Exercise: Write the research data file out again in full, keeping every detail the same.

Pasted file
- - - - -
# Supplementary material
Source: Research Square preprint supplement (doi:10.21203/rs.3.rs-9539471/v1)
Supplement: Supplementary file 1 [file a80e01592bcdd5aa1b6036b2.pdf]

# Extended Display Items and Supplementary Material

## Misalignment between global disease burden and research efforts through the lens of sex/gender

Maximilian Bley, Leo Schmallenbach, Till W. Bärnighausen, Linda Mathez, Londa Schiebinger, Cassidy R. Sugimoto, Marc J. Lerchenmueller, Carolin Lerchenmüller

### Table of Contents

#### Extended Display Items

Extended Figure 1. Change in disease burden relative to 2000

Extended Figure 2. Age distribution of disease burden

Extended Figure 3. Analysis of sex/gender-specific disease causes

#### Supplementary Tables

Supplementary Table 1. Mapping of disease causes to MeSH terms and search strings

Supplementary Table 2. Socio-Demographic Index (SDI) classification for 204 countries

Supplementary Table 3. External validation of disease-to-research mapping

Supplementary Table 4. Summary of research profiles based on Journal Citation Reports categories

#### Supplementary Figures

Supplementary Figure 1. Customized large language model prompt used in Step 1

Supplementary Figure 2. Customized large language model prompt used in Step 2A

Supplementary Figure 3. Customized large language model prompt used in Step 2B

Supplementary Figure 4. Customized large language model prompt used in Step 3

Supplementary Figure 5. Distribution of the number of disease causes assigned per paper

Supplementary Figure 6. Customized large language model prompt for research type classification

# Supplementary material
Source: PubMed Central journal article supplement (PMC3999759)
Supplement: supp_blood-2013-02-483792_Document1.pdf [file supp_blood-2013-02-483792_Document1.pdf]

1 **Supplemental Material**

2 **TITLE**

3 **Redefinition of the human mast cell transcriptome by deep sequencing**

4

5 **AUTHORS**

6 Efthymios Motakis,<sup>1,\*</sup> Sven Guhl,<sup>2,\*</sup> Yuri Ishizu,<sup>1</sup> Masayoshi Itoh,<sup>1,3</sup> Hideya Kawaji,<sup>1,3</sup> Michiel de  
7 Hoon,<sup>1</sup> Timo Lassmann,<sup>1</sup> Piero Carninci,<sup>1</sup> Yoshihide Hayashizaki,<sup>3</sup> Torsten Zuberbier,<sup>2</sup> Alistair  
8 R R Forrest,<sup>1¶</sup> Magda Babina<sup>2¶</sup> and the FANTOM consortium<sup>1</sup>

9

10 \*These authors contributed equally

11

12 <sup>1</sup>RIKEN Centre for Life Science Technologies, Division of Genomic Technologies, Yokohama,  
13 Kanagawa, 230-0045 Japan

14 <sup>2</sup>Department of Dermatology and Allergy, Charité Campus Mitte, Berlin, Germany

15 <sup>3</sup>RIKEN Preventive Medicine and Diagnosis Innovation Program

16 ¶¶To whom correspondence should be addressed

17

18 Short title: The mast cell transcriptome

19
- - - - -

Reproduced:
# Supplementary material
Source: Research Square preprint supplement (doi:10.21203/rs.3.rs-9539471/v1)
Supplement: Supplementary file 1 [file a80e01592bcdd5aa1b6036b2.pdf]

# Extended Display Items and Supplementary Material

## Misalignment between global disease burden and research efforts through the lens of sex/gender

Maximilian Bley, Leo Schmallenbach, Till W. Bärnighausen, Linda Mathez, Londa Schiebinger, Cassidy R. Sugimoto, Marc J. Lerchenmueller, Carolin Lerchenmüller

### Table of Contents

#### Extended Display Items

Extended Figure 1. Change in disease burden relative to 2000

Extended Figure 2. Age distribution of disease burden

Extended Figure 3. Analysis of sex/gender-specific disease causes

#### Supplementary Tables

Supplementary Table 1. Mapping of disease causes to MeSH terms and search strings

Supplementary Table 2. Socio-Demographic Index (SDI) classification for 204 countries

Supplementary Table 3. External validation of disease-to-research mapping

Supplementary Table 4. Summary of research profiles based on Journal Citation Reports categories

#### Supplementary Figures

Supplementary Figure 1. Customized large language model prompt used in Step 1

Supplementary Figure 2. Customized large language model prompt used in Step 2A

Supplementary Figure 3. Customized large language model prompt used in Step 2B

Supplementary Figure 4. Customized large language model prompt used in Step 3

Supplementary Figure 5. Distribution of the number of disease causes assigned per paper

Supplementary Figure 6. Customized large language model prompt for research type classification

# Supplementary material
Source: PubMed Central journal article supplement (PMC3999759)
Supplement: supp_blood-2013-02-483792_Document1.pdf [file supp_blood-2013-02-483792_Document1.pdf]

1 **Supplemental Material**

2 **TITLE**

3 **Redefinition of the human mast cell transcriptome by deep sequencing**

4

5 **AUTHORS**

6 Efthymios Motakis,<sup>1,\*</sup> Sven Guhl,<sup>2,\*</sup> Yuri Ishizu,<sup>1</sup> Masayoshi Itoh,<sup>1,3</sup> Hideya Kawaji,<sup>1,3</sup> Michiel de  
7 Hoon,<sup>1</sup> Timo Lassmann,<sup>1</sup> Piero Carninci,<sup>1</sup> Yoshihide Hayashizaki,<sup>3</sup> Torsten Zuberbier,<sup>2</sup> Alistair  
8 R R Forrest,<sup>1¶</sup> Magda Babina<sup>2¶</sup> and the FANTOM consortium<sup>1</sup>

9

10 \*These authors contributed equally

11

12 <sup>1</sup>RIKEN Centre for Life Science Technologies, Division of Genomic Technologies, Yokohama,  
13 Kanagawa, 230-0045 Japan

14 <sup>2</sup>Department of Dermatology and Allergy, Charité Campus Mitte, Berlin, Germany

15 <sup>3</sup>RIKEN Preventive Medicine and Diagnosis Innovation Program

16 ¶¶To whom correspondence should be addressed

17

18 Short title: The mast cell transcriptome

19